Organizational Mission and Objectives
1. Organizational Mission and Objectives. Organizational mission and objectives are the starting point of strategy formulation. As discussed earlier, mission is the fundamental unique purpose of an organization that sets it apart from other organizations and objective is the end result, which an organization strives to achieve. These together provide the direction for other aspects of the process.
2. Environmental Analysis. The second aspect of the process is the environmental analysis. Since the basic objective of strategies is to integrate the organization with its environment, it must know the kind of environment in which it has to work. This can be known by environmental analysis. The process of environmental analysis includes collection of relevant information from the environment, interpreting its impact on the future organizational working,
and determining what opportunities and threats-positive and negative aspects-are offered by the environment. The environmental information can be collected from various sources like various publications, verbal information from various people, spying, and forecasting. The process of environmental analysis works better if it is undertaken on continuous basis and is made an intrinsic part of the strategy formulation.
3. Corporate Analysis. While environmental analysis is the analysis of external factors, corporate analysis takes into account the internal factors. These together are known as
SWOT (strengths, weaknesses, opportunities and threats) analysis. It is not merely enough to locate what opportunities and threats are offered by the environment but equally important is the analysis of how the organization can take the advantages of these opportunities and overcome threats. Corporate analysis discloses strengths and weaknesses of the organization and points out the areas in which business can be undertaken. Corporate analysis is performed by identifying the factors, which are critical for the success of the present or future business of the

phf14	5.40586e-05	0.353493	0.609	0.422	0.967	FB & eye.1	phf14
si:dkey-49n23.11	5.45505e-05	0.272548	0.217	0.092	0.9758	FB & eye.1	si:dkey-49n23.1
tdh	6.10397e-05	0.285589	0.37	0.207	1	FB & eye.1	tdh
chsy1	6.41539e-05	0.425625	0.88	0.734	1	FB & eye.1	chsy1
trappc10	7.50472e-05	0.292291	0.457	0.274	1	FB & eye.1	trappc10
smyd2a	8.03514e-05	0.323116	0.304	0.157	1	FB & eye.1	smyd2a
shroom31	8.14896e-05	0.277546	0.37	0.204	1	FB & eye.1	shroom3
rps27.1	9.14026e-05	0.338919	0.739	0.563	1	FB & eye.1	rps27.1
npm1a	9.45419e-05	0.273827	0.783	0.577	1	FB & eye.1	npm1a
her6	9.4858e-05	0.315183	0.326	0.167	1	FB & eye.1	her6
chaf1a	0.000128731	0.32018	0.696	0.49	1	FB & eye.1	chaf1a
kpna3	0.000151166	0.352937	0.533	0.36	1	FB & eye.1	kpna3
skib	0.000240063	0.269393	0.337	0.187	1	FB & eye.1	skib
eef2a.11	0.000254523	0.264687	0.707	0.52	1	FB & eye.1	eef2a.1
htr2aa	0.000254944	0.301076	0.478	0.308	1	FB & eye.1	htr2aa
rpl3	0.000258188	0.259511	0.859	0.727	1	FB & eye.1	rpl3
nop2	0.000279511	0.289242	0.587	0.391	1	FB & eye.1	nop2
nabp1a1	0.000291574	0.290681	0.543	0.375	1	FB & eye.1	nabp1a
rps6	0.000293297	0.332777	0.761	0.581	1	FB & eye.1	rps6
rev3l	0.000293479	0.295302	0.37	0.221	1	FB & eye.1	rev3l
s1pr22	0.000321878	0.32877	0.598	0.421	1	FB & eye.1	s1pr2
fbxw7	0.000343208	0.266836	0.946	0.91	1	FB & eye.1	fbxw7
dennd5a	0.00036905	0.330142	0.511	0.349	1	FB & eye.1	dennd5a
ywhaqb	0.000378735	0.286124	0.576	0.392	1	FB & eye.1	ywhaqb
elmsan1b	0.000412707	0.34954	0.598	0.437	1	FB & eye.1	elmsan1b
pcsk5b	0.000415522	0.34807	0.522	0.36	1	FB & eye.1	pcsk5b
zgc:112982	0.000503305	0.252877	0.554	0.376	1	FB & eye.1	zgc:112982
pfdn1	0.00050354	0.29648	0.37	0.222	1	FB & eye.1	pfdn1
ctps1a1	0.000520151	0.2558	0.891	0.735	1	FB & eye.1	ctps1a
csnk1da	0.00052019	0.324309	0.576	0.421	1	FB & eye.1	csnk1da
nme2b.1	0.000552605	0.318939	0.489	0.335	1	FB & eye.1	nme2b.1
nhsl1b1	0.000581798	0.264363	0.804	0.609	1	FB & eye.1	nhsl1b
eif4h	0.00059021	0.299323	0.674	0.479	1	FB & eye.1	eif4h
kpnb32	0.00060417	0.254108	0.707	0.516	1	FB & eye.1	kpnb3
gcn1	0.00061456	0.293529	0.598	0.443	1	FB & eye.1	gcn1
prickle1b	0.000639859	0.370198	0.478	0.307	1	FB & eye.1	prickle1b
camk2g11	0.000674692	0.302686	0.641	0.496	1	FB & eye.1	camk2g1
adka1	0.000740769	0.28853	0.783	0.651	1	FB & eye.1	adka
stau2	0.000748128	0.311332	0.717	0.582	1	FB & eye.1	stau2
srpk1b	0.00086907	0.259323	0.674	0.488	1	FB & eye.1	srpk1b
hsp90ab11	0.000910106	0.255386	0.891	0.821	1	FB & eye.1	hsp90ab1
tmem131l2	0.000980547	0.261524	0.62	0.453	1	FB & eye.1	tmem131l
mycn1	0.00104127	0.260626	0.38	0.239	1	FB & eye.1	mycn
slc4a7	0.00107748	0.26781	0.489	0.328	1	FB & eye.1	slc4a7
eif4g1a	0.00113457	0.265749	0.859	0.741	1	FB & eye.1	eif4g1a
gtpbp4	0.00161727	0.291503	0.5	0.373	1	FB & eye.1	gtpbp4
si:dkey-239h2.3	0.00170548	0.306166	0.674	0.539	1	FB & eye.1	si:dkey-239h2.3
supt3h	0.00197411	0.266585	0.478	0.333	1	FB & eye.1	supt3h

organization, and then evaluating these factors whether they are contributing in positive way or in negative way. A positive contribution is strength and a negative contribution is a weakness.
4. Identification of Alternatives. Environmental analysis and corporate analysis taken together will specify the various alternatives for strategy. Usually this process will bring large
number of alternatives. For example, if an organization is strong in financial resources, these can be used in many ways, taking several projects. However, all the ways or projects cannot be selected. Therefore, some criteria should be set up to evaluate each alternative. Normally the criteria are set in the light of organizational mission and objectives.
5. Choice of Strategy. The identification and evaluation of various alternatives will narrow down the range of strategies that can seriously be considered for choice. Choice is deciding the acceptable alternative among the several which fits with the organizational objectives. Normally at this stage, personal values and expectations of decision-maker play an important role in strategy because he will decide the course of action depending on his own likings and disliking. This happens because in one way the organizational objectives reflect the personal philosophy of individuals particularly at the top management level.
6. Implementation. After the strategy has been chosen, it is put to implementation, that is, it is put into action. Choice of strategy is mostly analytical and conceptual while implementation is operational or putting into action. Various factors which are necessary for implementation are
design of suitable organization structure, developing and motivating people to take up work, designing effective control and information system, allocation of resources, etc..
When these are undertaken, these may produce results, which can be compared in the light of objectives set, and control process comes into operation. If the results and objectives differ, a further analysis is required to find out the reasons for the gap and taking suitable actions to overcome the problems because of which the gap exists. This may also require a change in strategy if there is a problem because of the formulation inadequacy. This puts back the managers at the starting point of the strategy formulation.